Mahadanta, Mahādanta, Maha-danta: 8 definitions
Mahadanta means something in Buddhism, Pali, Hinduism, Sanskrit. If you want to know the exact meaning, history, etymology or English translation of this term then check out the descriptions on this page. Add your comment or reference to a book if you want to contribute to this summary article.
Purana and Itihasa (epic history)Source: Cologne Digital Sanskrit Dictionaries: The Purana Index
Mahādanta (महादन्त).—A Nāga in Vaidūrya śālā of Lalitā.*
- * Brahmāṇḍa-purāṇa IV. 33. 36.
The Purana (पुराण, purāṇas) refers to Sanskrit literature preserving ancient India’s vast cultural history, including historical legends, religious ceremonies, various arts and sciences. The eighteen mahapuranas total over 400,000 shlokas (metrical couplets) and date to at least several centuries BCE.
Mahayana (major branch of Buddhism)Source: archive.org: Bulletin of the French School of the Far East (volume 5)
Mahādanta (महादन्त) is the name of a Yakṣa appointed as one of the Divine protector deities of Bayana, according to chapter 17 of the Candragarbha: the 55th section of the Mahāsaṃnipāta-sūtra, a large compilation of Sūtras (texts) in Mahāyāna Buddhism partly available in Sanskrit, Tibetan and Chinese.—In the Candragarbhasūtra, the Bhagavat invites all classes of Gods and Deities to protect the Law [dharma?] and the faithful in their respective kingdoms of Jambudvīpa [e.g., the Yakṣa Mahādanta in Bayana], resembling the time of the past Buddhas.
Mahayana (महायान, mahāyāna) is a major branch of Buddhism focusing on the path of a Bodhisattva (spiritual aspirants/ enlightened beings). Extant literature is vast and primarely composed in the Sanskrit language. There are many sūtras of which some of the earliest are the various Prajñāpāramitā sūtras.
Languages of India and abroad
Sanskrit dictionarySource: DDSA: The practical Sanskrit-English dictionary
1) an elephant with large tusks.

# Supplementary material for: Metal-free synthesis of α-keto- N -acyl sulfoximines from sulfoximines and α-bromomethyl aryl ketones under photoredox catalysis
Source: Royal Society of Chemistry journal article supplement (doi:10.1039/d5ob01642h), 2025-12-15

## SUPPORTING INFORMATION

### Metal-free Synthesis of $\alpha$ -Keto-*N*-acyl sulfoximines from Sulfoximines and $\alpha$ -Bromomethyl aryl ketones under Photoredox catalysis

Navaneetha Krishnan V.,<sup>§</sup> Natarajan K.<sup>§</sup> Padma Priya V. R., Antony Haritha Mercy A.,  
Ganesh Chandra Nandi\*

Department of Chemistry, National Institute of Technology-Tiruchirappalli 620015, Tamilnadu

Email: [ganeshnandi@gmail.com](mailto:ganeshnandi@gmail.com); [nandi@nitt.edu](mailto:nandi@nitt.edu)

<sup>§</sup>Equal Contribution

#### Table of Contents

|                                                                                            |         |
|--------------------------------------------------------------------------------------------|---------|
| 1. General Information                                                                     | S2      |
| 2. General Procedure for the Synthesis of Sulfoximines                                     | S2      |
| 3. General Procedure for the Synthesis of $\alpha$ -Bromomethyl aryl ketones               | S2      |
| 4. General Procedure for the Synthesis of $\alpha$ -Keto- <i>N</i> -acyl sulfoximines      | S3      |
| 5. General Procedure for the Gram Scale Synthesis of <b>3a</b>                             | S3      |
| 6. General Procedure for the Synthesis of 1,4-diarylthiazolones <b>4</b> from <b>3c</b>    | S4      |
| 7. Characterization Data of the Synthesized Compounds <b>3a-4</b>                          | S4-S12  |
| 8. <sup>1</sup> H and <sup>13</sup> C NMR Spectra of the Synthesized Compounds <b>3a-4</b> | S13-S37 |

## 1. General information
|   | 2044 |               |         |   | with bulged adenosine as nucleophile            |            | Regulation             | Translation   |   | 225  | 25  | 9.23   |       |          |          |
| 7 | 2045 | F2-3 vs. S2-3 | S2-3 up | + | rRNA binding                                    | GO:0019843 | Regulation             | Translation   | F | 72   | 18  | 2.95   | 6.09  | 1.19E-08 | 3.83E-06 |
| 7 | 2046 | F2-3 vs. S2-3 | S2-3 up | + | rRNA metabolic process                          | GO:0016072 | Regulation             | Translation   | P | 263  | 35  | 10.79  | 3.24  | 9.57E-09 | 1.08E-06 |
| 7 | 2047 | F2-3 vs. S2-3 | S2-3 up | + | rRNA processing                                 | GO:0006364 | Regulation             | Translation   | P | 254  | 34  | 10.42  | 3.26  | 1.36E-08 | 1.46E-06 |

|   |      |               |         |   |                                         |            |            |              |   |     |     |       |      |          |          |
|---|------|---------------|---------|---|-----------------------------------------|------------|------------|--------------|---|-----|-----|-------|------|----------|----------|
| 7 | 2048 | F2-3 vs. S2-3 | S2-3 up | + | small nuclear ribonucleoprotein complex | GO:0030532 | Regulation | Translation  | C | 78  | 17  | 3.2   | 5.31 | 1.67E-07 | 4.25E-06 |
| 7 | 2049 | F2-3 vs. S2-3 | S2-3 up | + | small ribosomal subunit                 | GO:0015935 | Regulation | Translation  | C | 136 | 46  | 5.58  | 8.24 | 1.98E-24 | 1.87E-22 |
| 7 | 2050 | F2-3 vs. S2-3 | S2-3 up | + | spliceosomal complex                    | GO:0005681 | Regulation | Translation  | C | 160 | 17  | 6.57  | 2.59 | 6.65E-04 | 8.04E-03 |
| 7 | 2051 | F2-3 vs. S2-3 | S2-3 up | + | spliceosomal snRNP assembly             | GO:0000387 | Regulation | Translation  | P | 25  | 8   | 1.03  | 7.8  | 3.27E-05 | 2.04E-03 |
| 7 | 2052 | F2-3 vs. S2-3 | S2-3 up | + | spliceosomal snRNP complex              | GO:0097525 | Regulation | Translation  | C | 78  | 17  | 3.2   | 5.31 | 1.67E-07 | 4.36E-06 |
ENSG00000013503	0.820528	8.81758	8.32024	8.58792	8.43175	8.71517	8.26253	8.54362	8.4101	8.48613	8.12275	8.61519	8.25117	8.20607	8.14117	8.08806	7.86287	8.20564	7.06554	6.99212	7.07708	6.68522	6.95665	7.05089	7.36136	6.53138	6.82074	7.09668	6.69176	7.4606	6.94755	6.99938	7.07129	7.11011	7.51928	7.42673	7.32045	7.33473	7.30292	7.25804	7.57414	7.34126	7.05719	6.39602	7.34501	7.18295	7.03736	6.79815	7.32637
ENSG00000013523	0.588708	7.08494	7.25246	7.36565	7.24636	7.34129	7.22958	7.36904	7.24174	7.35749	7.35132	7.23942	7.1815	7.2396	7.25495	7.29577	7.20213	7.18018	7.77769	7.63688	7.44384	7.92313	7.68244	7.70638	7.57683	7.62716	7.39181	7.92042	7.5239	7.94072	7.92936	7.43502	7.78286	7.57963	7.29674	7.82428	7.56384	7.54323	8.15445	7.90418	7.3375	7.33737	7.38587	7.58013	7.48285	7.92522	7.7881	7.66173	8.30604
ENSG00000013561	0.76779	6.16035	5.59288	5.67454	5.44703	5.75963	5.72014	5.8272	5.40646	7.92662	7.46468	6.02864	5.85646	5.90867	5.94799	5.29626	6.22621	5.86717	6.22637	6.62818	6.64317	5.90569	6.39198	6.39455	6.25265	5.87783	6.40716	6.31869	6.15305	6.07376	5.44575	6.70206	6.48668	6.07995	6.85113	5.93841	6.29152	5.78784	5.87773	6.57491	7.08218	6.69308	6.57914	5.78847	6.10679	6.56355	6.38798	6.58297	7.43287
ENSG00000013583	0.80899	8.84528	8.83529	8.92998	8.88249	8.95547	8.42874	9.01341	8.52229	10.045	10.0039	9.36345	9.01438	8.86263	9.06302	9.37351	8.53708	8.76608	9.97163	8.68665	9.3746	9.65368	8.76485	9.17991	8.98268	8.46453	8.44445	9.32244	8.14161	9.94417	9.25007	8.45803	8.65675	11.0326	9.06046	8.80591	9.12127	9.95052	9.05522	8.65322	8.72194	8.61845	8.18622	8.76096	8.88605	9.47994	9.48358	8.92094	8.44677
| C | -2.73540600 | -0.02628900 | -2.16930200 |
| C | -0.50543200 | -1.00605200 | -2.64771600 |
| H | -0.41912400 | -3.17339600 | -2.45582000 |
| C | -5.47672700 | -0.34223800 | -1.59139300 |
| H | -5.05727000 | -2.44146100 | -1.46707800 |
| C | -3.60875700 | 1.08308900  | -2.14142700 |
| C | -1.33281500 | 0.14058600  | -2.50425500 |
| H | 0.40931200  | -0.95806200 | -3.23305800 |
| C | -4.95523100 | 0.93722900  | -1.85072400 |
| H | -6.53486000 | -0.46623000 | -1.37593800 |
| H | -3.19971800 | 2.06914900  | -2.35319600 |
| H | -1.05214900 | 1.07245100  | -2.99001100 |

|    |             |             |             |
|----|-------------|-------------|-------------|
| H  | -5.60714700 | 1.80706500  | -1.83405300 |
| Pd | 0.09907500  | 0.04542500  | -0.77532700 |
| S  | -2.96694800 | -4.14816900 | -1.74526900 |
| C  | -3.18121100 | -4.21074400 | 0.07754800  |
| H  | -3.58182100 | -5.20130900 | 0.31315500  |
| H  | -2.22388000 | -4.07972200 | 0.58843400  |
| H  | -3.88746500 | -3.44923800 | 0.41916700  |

2) an epithet of Śiva.
Derivable forms: mahādantaḥ (महादन्तः).
Mahādanta is a Sanskrit compound consisting of the terms mahā and danta (दन्त).Source: Cologne Digital Sanskrit Dictionaries: Shabda-Sagara Sanskrit-English Dictionary
(-ntaḥ) 1. An elephant with large tusks. 2. An elephant’s tusk. E. mahā great, and danta tooth.Source: Cologne Digital Sanskrit Dictionaries: Monier-Williams Sanskrit-English Dictionary
1) Mahādanta (महादन्त):—[=mahā-danta] [from mahā > mah] m. the tusk of an elephant, [cf. Lexicographers, esp. such as amarasiṃha, halāyudha, hemacandra, etc.]
2) [v.s. ...] mfn. having large teeth or tusks, [Mahābhārata] (said of Śiva), [Suparṇādhyāya]
3) [v.s. ...] m. an elephant with l° tusks, [Horace H. Wilson]Source: Cologne Digital Sanskrit Dictionaries: Yates Sanskrit-English Dictionary
Mahādanta (महादन्त):—[mahā-danta] (ntaḥ) 1. m. An elephant with large tusks; his tusks.
[Sanskrit to German]
Sanskrit, also spelled संस्कृतम् (saṃskṛtam), is an ancient language of India commonly seen as the grandmother of the Indo-European language family (even English!). Closely allied with Prakrit and Pali, Sanskrit is more exhaustive in both grammar and terms and has the most extensive collection of literature in the world, greatly surpassing its sister-languages Greek and Latin.
See also (Relevant definitions)
Starts with: Mahadantara.
Search found 2 books and stories containing Mahadanta, Mahādanta, Maha-danta, Mahā-danta; (plurals include: Mahadantas, Mahādantas, dantas). You can also click to the full overview containing English textual excerpts. Below are direct links for the most relevant articles: